What drew me to teaching, more than the content of my field, was the opportunity to work with others. I was in love with this idea that I could walk into a classroom, sit down, and engage people in a conversation about things we felt were important. At some point during my education, I was introduced first to the work of Paulo Friere and then later to bell hooks. What I loved about their approach to teaching was that it fostered communication and cooperation between interested parties without encouraging relationships based on what I felt were pointless hierarchies. Perhaps one of the reasons I thought these structures of authority were pointless was because growing up my family was poor and I spent a good deal of my early years at the bottom looking up. The thought of being in a position of authority, thus being on the top and looking down, did not feel genuine. I felt like a fraud and that just wasn’t who I was going to be as an educator. While I may have had more schooling on how to write, my students were the ones that had to teach the class why we needed to learn it.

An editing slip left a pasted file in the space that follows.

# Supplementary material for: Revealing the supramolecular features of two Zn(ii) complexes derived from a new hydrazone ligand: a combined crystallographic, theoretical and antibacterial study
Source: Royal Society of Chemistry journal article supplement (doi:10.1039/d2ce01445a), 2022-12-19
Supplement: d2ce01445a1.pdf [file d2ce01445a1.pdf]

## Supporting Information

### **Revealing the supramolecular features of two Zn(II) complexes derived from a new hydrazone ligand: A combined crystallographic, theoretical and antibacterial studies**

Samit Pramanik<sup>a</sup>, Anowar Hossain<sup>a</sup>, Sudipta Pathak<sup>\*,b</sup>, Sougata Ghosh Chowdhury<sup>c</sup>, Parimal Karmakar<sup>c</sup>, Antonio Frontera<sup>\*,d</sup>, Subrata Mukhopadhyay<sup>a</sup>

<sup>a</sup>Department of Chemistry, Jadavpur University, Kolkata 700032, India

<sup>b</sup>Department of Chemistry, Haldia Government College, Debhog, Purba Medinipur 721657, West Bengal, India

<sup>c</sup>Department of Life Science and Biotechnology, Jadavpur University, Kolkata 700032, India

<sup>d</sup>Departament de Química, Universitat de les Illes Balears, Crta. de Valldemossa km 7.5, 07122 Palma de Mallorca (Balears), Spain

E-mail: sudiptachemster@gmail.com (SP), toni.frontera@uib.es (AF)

So what does this have to do with Food and the Humanities? Quite simply, I found that the types of conversations I was having in my classroom—and mind you that I began my career teaching developmental education at a community college in Southeast Philly—were the very conversations that should be happening about our food system, but were not. The discourse I have observed about our food system both on a local and national level does not only appear to be top-down, but the language being generated is one that is absent of the culture and intellectualism that is so uniquely human.